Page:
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'Independence is key' for blind voters who get demonstration of specialized voting machines
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'Independence is key' for blind voters who get demonstration of specialized voting machines

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ABSECON — Angela Farmer, of Atlantic City, has been blind for three years due to glaucoma.

But she will vote independently Nov. 3, thanks to technology demonstrated Tuesday at the John D. Young Memorial Lions Blind Center.

“I got it down pat now,” Farmer said after trying out the machine with a dummy set of candidates. “It kept repeating itself, so it was a little confusing at first. But I got used to it. I can’t wait until the 3rd.”

It’s important to keep as much of her independence as possible, Farmer said.

“I can do it on my own. All you have to do is listen and follow directions,” she said.

Machine technicians from the Atlantic County Superintendent of Elections taught a group of about 10 visually impaired people to vote with the system.

The process involves hearing the list of candidates through headphones and using a rectangular handheld box with large buttons of various shapes to move through the ballot, make choices, get help and make corrections if needed.

The final button to record the vote is pressed when the voter hears their correct choices read back to them, said machine technician Bob Ravasio, of Egg Harbor Township.

The disability does not have to be due to loss of sight, Atlantic County Superintendent of Elections Maureen Bugdon said.

If a person has fine-motor difficulties from a disease like Parkinson’s or a broken arm, for example, and cannot fill out the small ovals necessary for paper ballots, the machine is available. It also can operate as a regular machine for those who do not have vision loss.

“To use the machine, a voter must sign a certification at the poll that your disability prevents you from voting a paper ballot,” Bugdon said. “Board workers will contact the Board of Elections first to make sure they haven’t received a mail-in-ballot for you.”

She said the certification becomes a legal document, and poll workers cannot question it.

Leon Brathwaite, of Egg Harbor Township, helped Ravasio understand what might be confusing to blind people. Ravasio described the buttons as either round, triangular or square, but Brathwaite pointed out all of the buttons had circular indents at the centers. So people need to take time to feel the entire surface and the outline of all of the shapes, he said.

Machine technician Diana Pineda, of Atlantic City, said the machines will be in each of 74 polling places in Atlantic County.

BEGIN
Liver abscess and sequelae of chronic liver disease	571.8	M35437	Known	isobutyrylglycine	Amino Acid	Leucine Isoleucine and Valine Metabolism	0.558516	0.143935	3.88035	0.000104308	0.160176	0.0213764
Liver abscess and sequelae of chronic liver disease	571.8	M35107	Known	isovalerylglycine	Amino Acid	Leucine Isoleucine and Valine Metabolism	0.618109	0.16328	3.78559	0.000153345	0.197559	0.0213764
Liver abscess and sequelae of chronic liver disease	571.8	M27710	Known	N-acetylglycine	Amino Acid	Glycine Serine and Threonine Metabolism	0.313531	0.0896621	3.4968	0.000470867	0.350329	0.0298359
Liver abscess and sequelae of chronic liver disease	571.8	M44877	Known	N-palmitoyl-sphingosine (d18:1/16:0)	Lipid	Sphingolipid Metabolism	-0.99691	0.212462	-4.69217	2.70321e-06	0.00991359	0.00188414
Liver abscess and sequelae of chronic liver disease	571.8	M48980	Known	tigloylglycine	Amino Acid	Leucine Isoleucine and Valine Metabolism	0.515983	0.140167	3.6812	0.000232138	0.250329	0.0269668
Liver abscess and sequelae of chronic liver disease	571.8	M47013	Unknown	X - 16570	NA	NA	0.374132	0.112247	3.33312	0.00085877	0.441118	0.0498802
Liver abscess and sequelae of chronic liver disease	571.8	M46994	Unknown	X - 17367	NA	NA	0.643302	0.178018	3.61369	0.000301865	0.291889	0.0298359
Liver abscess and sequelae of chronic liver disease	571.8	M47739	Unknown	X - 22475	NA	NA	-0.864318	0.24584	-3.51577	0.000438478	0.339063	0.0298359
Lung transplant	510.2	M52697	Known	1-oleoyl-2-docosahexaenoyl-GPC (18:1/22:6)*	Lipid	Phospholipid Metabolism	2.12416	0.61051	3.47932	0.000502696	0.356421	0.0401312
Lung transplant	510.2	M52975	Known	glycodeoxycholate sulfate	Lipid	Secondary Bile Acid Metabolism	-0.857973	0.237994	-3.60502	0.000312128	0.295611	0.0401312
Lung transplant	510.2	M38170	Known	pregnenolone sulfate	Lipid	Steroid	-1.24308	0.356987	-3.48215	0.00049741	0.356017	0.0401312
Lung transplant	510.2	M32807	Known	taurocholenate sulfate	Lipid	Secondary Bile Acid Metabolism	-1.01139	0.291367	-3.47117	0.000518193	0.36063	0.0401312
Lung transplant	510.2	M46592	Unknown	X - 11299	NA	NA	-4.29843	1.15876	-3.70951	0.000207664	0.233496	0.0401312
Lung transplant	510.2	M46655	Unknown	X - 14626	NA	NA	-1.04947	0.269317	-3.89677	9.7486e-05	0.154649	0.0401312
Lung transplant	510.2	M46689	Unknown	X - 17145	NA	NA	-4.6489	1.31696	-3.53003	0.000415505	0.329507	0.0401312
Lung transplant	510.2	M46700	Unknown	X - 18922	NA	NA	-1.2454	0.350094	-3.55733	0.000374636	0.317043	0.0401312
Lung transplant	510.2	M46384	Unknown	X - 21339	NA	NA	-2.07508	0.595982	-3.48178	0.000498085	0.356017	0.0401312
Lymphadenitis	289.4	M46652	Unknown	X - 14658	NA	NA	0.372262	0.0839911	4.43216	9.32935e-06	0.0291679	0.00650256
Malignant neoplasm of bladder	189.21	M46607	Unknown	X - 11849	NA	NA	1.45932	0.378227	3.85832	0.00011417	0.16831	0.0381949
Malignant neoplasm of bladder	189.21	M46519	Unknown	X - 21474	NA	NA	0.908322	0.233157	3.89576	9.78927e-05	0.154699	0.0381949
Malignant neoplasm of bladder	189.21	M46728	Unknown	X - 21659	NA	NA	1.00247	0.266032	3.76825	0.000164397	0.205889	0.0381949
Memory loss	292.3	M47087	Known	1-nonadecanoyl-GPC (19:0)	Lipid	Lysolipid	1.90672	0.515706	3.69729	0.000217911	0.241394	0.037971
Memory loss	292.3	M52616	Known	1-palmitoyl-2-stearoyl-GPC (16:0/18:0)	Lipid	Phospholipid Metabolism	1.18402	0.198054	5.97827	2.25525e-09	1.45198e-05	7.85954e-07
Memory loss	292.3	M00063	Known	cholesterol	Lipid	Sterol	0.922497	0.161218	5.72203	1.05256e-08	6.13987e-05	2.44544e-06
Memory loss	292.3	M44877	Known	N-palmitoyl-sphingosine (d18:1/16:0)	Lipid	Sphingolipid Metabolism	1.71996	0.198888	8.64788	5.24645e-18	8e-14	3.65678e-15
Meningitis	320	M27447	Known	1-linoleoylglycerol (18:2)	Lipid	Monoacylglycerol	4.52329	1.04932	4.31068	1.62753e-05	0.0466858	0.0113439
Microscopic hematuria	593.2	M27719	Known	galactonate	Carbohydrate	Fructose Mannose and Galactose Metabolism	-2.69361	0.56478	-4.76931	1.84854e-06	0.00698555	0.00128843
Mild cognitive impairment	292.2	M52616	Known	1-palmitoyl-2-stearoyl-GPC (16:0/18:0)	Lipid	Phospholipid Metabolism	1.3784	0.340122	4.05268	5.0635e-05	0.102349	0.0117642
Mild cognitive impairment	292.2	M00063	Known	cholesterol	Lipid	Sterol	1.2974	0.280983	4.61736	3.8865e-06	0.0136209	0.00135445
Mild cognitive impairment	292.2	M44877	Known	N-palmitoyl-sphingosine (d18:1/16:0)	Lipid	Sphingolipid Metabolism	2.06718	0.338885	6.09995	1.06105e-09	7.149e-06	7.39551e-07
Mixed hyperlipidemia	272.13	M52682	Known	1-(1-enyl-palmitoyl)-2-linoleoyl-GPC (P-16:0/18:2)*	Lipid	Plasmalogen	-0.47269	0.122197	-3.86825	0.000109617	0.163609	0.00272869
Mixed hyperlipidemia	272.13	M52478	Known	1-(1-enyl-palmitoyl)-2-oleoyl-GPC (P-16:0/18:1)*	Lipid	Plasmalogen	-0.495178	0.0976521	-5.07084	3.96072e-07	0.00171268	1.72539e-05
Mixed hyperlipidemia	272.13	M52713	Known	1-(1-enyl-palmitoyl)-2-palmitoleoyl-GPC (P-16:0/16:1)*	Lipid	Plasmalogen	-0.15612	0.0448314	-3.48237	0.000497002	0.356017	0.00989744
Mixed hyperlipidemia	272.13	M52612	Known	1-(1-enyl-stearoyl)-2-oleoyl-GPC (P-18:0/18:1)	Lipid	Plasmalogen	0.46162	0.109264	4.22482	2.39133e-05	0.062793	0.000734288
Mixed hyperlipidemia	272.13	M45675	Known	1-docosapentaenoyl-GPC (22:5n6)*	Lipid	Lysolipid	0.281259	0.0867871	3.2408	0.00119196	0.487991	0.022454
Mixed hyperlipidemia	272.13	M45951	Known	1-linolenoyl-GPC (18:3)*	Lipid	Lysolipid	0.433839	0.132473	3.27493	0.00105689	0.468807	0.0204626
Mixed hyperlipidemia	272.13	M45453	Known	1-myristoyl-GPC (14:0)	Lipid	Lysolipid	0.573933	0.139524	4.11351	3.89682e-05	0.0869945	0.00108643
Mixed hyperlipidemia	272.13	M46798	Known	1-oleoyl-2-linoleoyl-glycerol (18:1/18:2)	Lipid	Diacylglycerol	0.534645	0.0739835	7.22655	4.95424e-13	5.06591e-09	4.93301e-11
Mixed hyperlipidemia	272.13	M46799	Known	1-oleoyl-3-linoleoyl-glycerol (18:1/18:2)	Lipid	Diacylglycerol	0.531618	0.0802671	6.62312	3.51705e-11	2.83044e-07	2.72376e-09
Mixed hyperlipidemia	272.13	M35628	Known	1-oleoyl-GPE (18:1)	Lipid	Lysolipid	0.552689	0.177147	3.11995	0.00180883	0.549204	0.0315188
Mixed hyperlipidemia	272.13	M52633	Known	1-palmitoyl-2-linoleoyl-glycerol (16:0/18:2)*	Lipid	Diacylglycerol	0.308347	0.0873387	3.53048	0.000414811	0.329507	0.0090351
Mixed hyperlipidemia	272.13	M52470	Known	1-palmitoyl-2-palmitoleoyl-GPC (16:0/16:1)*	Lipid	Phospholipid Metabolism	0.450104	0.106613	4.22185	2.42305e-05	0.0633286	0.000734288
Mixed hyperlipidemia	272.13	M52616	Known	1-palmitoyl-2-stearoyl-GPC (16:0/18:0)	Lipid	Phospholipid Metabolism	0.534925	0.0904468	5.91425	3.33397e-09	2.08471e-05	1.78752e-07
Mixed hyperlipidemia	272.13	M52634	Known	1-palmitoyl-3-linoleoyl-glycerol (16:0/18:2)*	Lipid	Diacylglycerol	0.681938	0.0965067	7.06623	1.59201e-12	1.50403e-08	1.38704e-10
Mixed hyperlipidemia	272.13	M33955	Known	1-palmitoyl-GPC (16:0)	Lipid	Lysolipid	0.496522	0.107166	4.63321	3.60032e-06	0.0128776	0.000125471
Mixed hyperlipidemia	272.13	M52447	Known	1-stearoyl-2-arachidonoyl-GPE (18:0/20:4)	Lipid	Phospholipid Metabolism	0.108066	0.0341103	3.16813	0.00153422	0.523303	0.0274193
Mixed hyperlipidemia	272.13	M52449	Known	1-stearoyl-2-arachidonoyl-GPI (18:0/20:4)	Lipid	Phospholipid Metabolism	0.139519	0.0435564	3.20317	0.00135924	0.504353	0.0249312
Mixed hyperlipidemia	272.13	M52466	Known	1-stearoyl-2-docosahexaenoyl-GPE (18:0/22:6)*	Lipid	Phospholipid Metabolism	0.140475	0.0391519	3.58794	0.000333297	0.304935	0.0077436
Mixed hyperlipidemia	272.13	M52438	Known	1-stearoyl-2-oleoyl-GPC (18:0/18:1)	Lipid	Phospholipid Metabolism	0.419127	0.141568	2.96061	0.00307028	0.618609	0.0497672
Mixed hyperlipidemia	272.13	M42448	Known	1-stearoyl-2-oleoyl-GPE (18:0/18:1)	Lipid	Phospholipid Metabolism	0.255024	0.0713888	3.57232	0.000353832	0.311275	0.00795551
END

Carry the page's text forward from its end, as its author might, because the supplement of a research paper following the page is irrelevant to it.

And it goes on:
Gov. Phil Murphy ordered that the Nov. 3 election be conducted mostly via mail-in ballots, and that every registered voter automatically receive a vote-by-mail ballot.

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He also ordered that every municipality must have at least one polling place open, and every county must open half of the usual number of polling places. At polling places, people can vote in person, but mostly using paper provisional ballots. Machines must be available for people with disabilities.

Poll workers will be on hand to help people use the machines.

Several of those in attendance said they had already voted by mail with the help of a relative or friend but would consider using the machine in the future.

“It depends on the circumstances,” said Stephen Smith, of Somers Point.

Smith said he had a friend come over to help him fill out his ballot, and he trusted her to vote as he instructed.

“She said it hurt her to do it,” he joked about filling out his choices.

Laurie Haines, of Atlantic City, said her daughter helped her fill out her vote-by-mail ballot.

“Next time, I will use the machine, absolutely,” Haines said after her turn at the machine. “The machine is easier, and you can do it by yourself. Independence is key.”

The Lions Blind Center at 100 Crestview Ave. is open Tuesdays and Thursdays for a group meeting that includes some type of educational program, said Oseea Brathwaite, of Absecon.

“I come here as much as I can,” Oseea Brathwaite said.

He said the group is a bit smaller because of the COVID-19 pandemic.

“Some people won’t come in yet. They have other medical issues,” he said.

The center had to close for four months due to the pandemic, said center President Fred Frisch. It reopened Aug. 14.

The center offers peer support groups, informational and referral advocacy, computer access, a book club, art projects and activities, according to its literature.

For more information, call 609-677-1199 or email director@ lionsblindcenter.org.

Contact: 609-272-7219

mpost@pressofac.com

Twitter @MichelleBPost

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Staff Writer

In my first job after college got paid to read the New York Times and summarize articles for an early online data base. First reporting job was with The Daily Record in Parsippany. I have also worked in nonprofits, and have been with The Press since 1990.

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